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A Journal of the Plague Year (Dover Thrift Editions) 1St Edition Edition
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Top Customer Reviews
This is not a spellbinding or even captivating read. It is full of statistics and seemingly never ending references to specific neighborhoods and precincts as existed in London at the time. Much of the book is taken up with body counts and comparisons of mortality from time to time in the different areas of London and its environs. As most people have no geographic knowledge of the area, this is largely wasted, except to realize that, "Gee, a lot of people died in Whiteside, but not so many in Wapping."
Sprinkled throughout this relatively short work (under 200 dense pages), are interesting anecdotes, and this is the beauty of the book; the actions and reactions of everyday people to the scourge within their midst. How did the authorities address the problem? What was the medical knowledge and prevailing treatments as existed at the time? What did people in London do when commerce and society effectively broke down? What did they do to acquire food? How were the bodies disposed of? All intriguing and practical questions that are asked and answered herein.Read more ›
While essentially a work of fiction, the level of detail, the statistics, anecodotes and endless conjecturing give the work a strong semblance of veracity. The reader is compelled to read on through the terrifying details of a plague that in all probability took around 100,000 lives during the year that it raged. One of the interesting features of the book is the conflict between science and religion, is a continuous thread throughout. Defoes author H.F. writes in a profoundly religous tone, early on in the book a group of mocking aetheists who coarsely drink and curse their way through the plague are, each and everyone, struck down and deposited in the communal grave before two pages are out. At the same time there is a recognition of scientific attempts to understand and control the plague, the shutting up of houses is much discussed as well as the variety of "preventatives" that offer protection from infection. Much of the book is given over to a variety of speculations, and given the state of medical science at the time of writing a good many of the conjectures verge on the amusing. The author even tells of one theory, of small organisms in the blood, only to scoff at it while the modern reader may sense as good a description of bacteria as that age could furnish.Read more ›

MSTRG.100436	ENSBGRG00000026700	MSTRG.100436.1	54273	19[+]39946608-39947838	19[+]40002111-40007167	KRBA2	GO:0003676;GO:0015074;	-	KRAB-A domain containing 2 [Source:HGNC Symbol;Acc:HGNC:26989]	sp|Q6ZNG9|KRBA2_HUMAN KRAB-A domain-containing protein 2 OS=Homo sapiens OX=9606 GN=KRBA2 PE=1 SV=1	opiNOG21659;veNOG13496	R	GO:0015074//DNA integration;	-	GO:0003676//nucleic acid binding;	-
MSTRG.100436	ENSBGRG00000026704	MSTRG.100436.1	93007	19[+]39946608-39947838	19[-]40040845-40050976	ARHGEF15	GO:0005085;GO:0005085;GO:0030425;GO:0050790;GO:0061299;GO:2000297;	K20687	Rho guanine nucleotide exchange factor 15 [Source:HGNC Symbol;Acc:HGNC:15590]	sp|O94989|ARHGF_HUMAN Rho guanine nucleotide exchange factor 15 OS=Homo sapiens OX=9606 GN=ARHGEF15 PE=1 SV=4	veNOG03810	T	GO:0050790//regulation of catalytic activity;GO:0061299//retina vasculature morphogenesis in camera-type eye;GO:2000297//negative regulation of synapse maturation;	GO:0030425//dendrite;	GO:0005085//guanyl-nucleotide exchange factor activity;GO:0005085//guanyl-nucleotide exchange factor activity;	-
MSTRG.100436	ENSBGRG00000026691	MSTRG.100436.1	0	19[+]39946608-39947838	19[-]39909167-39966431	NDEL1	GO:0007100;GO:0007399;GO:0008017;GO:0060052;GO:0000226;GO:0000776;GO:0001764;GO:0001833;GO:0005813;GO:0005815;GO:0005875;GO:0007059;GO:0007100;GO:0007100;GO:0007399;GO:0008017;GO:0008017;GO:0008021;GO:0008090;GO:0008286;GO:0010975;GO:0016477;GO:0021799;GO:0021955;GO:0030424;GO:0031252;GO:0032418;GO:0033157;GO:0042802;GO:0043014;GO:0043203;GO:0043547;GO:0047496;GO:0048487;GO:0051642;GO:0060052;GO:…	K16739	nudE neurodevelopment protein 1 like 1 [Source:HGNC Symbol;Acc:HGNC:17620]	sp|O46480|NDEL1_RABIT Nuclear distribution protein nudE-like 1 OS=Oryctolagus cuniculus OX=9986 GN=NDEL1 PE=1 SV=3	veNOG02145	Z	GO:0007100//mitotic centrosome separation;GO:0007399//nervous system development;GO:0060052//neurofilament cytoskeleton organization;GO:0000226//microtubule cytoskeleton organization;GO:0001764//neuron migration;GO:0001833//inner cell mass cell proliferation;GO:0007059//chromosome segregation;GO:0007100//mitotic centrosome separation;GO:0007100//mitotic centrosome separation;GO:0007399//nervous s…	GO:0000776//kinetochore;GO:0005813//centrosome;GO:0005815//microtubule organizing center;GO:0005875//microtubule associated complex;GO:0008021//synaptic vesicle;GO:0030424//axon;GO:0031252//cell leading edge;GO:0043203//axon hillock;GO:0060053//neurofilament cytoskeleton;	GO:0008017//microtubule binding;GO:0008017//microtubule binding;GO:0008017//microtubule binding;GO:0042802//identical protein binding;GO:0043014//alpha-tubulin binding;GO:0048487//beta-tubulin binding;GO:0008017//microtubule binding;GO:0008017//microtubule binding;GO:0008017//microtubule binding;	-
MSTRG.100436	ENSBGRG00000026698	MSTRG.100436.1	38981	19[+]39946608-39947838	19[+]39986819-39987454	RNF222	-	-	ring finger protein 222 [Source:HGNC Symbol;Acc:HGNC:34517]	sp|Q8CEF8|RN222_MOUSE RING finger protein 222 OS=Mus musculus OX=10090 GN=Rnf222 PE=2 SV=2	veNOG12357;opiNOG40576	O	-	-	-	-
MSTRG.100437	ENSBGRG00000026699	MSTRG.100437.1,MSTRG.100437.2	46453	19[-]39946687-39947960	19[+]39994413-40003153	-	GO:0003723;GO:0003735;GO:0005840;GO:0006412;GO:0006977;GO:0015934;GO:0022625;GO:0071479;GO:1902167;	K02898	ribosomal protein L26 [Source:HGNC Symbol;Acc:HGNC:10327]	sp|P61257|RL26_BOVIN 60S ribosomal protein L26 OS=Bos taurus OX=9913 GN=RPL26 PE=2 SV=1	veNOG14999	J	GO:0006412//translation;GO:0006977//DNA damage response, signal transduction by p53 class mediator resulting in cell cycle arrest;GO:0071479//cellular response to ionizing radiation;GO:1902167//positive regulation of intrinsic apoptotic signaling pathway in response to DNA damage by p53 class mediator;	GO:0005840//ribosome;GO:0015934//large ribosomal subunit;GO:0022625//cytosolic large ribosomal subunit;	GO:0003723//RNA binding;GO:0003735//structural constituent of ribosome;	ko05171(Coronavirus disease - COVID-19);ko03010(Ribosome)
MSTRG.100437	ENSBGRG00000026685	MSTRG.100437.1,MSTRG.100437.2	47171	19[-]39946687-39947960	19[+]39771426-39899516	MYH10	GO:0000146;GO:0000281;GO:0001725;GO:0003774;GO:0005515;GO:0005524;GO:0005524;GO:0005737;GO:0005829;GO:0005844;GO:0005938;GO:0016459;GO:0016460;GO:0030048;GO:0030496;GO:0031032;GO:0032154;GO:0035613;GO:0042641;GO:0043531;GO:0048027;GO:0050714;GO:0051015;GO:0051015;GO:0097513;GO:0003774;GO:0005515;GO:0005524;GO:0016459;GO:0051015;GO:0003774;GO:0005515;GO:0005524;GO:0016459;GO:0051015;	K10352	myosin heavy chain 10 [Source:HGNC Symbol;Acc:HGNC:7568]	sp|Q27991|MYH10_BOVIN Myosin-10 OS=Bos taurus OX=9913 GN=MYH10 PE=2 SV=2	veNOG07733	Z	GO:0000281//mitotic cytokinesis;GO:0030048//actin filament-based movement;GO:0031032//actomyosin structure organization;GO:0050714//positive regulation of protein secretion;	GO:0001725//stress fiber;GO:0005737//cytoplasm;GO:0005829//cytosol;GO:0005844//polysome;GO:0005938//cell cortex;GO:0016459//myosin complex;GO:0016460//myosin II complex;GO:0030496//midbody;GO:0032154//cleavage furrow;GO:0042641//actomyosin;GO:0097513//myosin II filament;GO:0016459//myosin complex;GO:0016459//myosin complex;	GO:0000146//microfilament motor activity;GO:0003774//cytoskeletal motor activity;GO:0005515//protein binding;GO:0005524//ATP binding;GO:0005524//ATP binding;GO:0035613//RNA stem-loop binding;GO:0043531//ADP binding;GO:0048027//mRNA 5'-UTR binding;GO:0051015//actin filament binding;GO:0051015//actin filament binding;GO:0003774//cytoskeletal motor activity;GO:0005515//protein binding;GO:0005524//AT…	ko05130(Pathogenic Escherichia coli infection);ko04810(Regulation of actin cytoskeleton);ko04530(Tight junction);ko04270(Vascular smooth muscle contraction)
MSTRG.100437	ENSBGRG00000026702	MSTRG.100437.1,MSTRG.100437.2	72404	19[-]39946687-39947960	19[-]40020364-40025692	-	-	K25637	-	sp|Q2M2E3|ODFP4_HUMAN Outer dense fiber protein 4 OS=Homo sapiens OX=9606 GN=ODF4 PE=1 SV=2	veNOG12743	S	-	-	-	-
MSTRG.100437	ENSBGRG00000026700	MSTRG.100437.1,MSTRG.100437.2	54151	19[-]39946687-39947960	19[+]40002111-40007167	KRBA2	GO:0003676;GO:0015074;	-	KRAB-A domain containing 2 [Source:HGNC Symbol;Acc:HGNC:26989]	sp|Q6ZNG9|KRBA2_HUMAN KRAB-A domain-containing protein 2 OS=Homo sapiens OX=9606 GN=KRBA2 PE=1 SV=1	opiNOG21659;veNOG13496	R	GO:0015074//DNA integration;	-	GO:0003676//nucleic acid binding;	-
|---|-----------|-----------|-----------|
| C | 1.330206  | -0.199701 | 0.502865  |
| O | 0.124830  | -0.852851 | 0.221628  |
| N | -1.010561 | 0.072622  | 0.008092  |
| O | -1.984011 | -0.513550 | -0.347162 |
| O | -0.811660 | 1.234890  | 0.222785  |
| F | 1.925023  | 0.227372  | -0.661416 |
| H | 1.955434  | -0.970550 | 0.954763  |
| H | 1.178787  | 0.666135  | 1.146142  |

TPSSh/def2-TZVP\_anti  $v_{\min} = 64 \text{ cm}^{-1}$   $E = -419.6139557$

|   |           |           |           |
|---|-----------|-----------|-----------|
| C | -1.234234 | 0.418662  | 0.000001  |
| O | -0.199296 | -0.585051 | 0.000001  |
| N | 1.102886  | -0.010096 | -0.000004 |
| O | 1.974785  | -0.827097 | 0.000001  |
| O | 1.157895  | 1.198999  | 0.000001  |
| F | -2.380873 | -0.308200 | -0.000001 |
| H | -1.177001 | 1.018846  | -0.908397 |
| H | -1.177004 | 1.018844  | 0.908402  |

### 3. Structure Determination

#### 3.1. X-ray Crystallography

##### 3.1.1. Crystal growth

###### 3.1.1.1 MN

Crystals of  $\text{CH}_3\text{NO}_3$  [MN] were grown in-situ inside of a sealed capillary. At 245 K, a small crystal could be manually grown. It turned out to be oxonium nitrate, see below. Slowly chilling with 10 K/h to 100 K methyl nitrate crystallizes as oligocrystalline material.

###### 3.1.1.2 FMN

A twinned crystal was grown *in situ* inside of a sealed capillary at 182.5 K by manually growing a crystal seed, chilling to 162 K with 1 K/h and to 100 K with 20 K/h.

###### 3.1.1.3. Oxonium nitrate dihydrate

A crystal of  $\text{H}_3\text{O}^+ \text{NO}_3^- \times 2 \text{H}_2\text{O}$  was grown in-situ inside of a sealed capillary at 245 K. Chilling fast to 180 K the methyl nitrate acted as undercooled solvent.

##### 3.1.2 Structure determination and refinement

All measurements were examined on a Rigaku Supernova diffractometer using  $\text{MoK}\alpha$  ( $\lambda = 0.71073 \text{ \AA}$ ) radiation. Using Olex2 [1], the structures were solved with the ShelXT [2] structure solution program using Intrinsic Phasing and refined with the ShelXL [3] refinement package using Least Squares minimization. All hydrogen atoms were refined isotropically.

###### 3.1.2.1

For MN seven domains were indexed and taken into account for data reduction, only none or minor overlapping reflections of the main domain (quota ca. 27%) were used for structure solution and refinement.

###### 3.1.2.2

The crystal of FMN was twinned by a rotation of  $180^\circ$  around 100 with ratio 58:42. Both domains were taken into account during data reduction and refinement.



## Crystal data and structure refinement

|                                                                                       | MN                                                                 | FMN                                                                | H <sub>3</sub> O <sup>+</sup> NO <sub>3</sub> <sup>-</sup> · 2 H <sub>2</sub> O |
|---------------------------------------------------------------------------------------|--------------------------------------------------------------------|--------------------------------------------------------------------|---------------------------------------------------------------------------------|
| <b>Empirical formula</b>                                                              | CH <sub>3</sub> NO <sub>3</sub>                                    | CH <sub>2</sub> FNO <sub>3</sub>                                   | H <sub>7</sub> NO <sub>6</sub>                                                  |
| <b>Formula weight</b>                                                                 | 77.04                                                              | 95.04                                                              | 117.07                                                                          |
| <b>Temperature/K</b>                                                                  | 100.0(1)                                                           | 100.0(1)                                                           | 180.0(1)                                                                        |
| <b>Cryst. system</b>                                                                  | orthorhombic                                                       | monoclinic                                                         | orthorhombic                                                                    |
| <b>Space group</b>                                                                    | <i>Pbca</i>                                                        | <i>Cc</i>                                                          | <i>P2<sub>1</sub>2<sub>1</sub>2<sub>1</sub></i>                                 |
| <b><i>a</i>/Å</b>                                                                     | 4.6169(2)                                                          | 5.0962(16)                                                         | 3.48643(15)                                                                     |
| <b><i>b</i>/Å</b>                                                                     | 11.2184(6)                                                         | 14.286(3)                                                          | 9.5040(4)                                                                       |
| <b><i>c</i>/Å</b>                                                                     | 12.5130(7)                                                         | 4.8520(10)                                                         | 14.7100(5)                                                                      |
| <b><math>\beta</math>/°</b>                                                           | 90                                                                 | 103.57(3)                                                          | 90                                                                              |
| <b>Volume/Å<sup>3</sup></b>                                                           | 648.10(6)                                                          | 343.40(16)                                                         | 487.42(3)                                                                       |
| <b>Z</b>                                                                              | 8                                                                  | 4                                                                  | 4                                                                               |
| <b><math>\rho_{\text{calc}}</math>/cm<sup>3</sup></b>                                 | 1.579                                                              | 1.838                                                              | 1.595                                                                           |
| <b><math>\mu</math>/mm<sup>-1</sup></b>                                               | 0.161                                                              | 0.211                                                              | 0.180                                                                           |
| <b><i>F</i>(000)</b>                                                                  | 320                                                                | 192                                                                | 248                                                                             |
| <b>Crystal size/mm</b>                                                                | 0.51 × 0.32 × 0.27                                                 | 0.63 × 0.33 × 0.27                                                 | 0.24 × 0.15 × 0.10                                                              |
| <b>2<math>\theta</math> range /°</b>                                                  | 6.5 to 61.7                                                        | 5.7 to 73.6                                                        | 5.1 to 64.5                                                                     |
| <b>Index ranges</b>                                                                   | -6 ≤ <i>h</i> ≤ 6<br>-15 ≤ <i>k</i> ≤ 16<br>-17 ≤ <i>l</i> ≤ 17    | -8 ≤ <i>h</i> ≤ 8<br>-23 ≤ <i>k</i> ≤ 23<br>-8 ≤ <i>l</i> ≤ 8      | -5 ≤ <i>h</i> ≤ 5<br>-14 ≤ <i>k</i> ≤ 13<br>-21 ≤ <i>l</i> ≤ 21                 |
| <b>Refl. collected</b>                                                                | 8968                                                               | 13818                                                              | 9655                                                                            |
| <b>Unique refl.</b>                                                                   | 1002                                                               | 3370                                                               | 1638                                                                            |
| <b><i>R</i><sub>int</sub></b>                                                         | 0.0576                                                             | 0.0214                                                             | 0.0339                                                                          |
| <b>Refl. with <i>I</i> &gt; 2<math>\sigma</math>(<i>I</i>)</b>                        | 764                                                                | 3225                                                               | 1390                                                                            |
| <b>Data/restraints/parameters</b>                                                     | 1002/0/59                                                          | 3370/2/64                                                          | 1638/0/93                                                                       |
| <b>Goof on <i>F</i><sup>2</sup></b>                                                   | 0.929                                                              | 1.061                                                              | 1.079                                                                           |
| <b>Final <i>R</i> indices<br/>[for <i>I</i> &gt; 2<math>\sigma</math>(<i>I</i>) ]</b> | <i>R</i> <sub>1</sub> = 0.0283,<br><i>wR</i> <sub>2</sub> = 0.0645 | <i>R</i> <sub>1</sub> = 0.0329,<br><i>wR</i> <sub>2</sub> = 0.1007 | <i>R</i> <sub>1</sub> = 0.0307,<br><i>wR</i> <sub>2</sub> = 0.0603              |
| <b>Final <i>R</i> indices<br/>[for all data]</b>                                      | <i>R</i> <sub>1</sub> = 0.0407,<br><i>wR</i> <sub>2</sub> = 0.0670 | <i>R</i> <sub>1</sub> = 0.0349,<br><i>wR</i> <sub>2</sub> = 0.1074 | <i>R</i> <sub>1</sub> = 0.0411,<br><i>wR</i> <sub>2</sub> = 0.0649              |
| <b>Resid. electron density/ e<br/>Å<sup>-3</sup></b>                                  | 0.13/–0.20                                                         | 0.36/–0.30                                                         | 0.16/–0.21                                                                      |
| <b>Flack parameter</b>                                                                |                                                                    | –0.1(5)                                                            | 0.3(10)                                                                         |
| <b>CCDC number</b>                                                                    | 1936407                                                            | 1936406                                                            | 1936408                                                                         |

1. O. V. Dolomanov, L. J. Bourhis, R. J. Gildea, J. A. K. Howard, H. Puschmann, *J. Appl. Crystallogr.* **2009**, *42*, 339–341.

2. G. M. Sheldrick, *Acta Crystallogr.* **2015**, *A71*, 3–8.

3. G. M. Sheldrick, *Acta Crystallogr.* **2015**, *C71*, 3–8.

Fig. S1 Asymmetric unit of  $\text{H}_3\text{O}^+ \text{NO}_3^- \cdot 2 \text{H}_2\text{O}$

The style of writing is old (understandably).
It is worth considering if interested in plagues or London history...but for such a small book it took a lot of time to get through it.
For anyone interested in the subject this is actually a more detailed and fascinating account than the one in Samuel Pepys diary of the same period. A short read but one that will truly result in an understanding of a dark episode in London's history.
Most Recent Customer Reviews
This is such an excellent first-person account of the 1665 London Plague. It was written many years later but it reads like a real first-person account. Read morePublished 1 month ago by SRA
Are you kidding? Is Daniel Defoe a good writer? Of course, and this is one of his most interesting books. I like Moll Flanders a bit more, but still it is sort of a toss up.Published 3 months ago by VMDoland
Ebola (Black Plague) survivor of the London plague writes a daily journal of the horrific events as they unfold. Read morePublished 19 months ago by Our Favorite Customer
I am really looking forword to reading this book as I am really interested in the plague of the 1300s.Published on April 27, 2014 by Liza Kimball
This was a good read, and I really like how the author put numbers and showed the reader how many people were dead by the plague, and how he wrote the book! Read morePublished on March 15, 2014 by Skay